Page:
sea  country001I am a big fan of Tony Smith’s blog Creeksailor which details his continuing explorations of the Thames Estuary and Essex  Coast in Charles Stock’s old boat Shoal Waters.  Writing in the immediacy of a blog his travels and accounts seem to have a freshness to them which disappears when the writings are brought together in this book which he has called Sea-Country. The book is pretty slight with just over 130 fairly large-print pages.  The other problem is that its been done already and done well. Stock’s book, In Shoal Waters (also published by Lodestar),  covers his fifty-year experience in sailing a lot of the same territory in the same gaff-rigged centre-board 16-foot boat and to my view does it better.  The latter book also has maps or charts which I always find are a necessity to Product-Shot-ISW-510x679understanding the text.  It is interesting to contrast both of these recent volumes with H. Alker Tripp’s account Shoalwater and Fairway published in 1924 (90 years ago) and still available through re-publication by Lodestar.  It has almost twice the content of Smith’s book. An interesting and contrasting companion to both of these books is Dylan Winter’s Keep Turning Left video series, the first part of which explores much of the same geography and includes the bonus of Winter’s wry humour.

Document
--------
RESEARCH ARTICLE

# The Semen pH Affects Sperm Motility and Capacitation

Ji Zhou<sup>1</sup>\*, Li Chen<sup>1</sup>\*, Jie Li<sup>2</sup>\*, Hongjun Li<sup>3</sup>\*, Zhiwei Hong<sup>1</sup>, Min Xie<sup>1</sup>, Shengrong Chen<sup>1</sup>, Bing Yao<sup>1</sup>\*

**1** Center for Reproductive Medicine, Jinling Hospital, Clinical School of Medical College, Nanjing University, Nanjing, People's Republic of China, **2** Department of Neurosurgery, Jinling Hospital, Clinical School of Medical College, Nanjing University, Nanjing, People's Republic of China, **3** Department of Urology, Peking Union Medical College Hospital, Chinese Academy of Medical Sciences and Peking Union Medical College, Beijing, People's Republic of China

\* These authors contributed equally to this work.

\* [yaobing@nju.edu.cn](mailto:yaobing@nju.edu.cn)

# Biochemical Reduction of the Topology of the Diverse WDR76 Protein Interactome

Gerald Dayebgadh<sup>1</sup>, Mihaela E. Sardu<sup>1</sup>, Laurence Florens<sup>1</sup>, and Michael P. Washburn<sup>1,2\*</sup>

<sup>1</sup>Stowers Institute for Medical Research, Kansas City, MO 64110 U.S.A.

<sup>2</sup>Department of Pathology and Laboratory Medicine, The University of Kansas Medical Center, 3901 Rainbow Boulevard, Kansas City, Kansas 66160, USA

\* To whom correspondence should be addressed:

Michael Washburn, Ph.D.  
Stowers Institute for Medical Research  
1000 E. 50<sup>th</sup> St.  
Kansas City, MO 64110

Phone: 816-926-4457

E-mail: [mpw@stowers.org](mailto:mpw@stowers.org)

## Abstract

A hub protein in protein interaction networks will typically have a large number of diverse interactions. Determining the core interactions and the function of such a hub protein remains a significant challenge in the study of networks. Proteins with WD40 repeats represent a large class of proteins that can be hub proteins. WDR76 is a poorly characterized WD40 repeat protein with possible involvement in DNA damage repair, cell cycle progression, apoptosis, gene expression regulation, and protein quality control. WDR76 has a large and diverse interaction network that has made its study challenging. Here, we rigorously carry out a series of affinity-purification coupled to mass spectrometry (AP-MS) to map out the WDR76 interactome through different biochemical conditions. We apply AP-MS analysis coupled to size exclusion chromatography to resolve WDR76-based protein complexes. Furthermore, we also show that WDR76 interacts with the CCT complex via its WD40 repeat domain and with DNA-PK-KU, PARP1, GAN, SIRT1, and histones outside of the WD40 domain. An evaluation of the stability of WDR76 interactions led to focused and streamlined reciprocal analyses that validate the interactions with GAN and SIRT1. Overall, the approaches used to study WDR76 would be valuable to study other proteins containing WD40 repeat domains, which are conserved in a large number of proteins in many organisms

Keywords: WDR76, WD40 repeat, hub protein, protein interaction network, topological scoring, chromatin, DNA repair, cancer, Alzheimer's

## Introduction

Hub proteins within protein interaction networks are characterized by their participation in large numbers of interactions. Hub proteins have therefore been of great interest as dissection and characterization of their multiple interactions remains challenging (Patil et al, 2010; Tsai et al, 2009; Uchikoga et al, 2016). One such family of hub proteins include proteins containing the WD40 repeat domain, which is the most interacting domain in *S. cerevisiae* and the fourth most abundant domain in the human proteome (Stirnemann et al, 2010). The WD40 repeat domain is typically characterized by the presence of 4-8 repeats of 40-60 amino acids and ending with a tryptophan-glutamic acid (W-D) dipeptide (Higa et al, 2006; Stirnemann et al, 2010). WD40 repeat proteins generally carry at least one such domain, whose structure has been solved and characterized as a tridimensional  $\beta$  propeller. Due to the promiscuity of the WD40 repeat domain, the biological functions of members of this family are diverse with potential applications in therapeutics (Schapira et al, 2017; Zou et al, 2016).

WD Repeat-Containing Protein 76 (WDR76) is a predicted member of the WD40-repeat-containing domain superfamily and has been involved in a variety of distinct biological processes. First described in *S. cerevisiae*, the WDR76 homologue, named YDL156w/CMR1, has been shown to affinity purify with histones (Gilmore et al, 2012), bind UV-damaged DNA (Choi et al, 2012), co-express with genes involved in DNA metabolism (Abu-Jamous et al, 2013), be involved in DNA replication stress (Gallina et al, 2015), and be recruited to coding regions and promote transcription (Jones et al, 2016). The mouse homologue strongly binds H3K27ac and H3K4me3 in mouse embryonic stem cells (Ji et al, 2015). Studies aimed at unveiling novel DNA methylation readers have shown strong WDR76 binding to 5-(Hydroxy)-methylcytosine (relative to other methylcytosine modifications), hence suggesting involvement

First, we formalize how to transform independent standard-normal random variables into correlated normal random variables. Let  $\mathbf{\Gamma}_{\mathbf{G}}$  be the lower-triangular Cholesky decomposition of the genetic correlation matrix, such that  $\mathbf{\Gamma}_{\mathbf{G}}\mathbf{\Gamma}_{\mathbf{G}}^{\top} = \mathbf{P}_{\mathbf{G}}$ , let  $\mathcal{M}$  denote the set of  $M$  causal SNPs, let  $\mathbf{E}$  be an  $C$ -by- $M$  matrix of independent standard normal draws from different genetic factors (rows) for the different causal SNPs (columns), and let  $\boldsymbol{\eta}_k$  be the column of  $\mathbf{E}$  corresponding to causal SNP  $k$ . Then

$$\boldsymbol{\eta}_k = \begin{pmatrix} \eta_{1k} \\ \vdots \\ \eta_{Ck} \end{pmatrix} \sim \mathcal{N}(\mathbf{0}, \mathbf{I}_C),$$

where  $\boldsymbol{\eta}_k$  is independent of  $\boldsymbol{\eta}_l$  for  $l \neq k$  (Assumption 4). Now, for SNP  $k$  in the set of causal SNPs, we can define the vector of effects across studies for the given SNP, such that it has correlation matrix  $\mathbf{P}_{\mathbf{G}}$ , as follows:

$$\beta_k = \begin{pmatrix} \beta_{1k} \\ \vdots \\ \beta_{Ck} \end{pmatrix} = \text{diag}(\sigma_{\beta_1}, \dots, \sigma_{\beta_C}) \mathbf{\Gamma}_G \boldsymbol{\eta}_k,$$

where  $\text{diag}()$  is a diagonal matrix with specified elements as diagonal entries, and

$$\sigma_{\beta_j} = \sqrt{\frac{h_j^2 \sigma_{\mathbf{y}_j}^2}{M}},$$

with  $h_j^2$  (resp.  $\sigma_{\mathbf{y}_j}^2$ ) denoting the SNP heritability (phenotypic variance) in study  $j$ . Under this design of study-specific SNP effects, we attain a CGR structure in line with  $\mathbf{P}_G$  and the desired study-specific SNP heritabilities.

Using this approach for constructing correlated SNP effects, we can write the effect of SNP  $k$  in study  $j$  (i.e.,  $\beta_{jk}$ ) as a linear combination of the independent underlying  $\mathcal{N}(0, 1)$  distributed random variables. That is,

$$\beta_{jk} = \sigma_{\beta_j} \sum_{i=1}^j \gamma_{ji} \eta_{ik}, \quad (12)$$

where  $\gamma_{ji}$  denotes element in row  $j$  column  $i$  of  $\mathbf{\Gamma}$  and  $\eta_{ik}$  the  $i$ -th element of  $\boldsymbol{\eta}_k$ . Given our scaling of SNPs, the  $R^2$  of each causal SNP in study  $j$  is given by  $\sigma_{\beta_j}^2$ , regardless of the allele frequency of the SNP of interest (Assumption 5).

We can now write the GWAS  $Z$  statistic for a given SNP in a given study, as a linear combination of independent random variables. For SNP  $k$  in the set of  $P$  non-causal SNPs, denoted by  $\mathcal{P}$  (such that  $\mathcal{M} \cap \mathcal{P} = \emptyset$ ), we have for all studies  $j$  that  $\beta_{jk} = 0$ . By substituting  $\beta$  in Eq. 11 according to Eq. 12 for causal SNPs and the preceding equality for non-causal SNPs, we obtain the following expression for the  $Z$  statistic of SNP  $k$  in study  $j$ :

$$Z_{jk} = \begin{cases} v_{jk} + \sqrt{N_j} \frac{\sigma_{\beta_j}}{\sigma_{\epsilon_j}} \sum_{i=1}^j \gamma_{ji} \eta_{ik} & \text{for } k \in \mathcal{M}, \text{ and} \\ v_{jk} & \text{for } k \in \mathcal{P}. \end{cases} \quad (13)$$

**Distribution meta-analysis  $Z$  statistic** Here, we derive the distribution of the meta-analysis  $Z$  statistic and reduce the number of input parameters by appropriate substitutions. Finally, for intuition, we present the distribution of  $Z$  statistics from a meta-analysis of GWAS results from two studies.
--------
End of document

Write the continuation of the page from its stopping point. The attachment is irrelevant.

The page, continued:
The publisher’s website has his full catalogue with reasonable prices for overseas shipping. As he notes, the purpose of the imprint is to furnish “new and neglected nautical writing” and the list now numbers eighteen volumes with a couple of more books already out of print.   His success in the venture is evident in the increasing shelf footage that his books occupy on my book-case.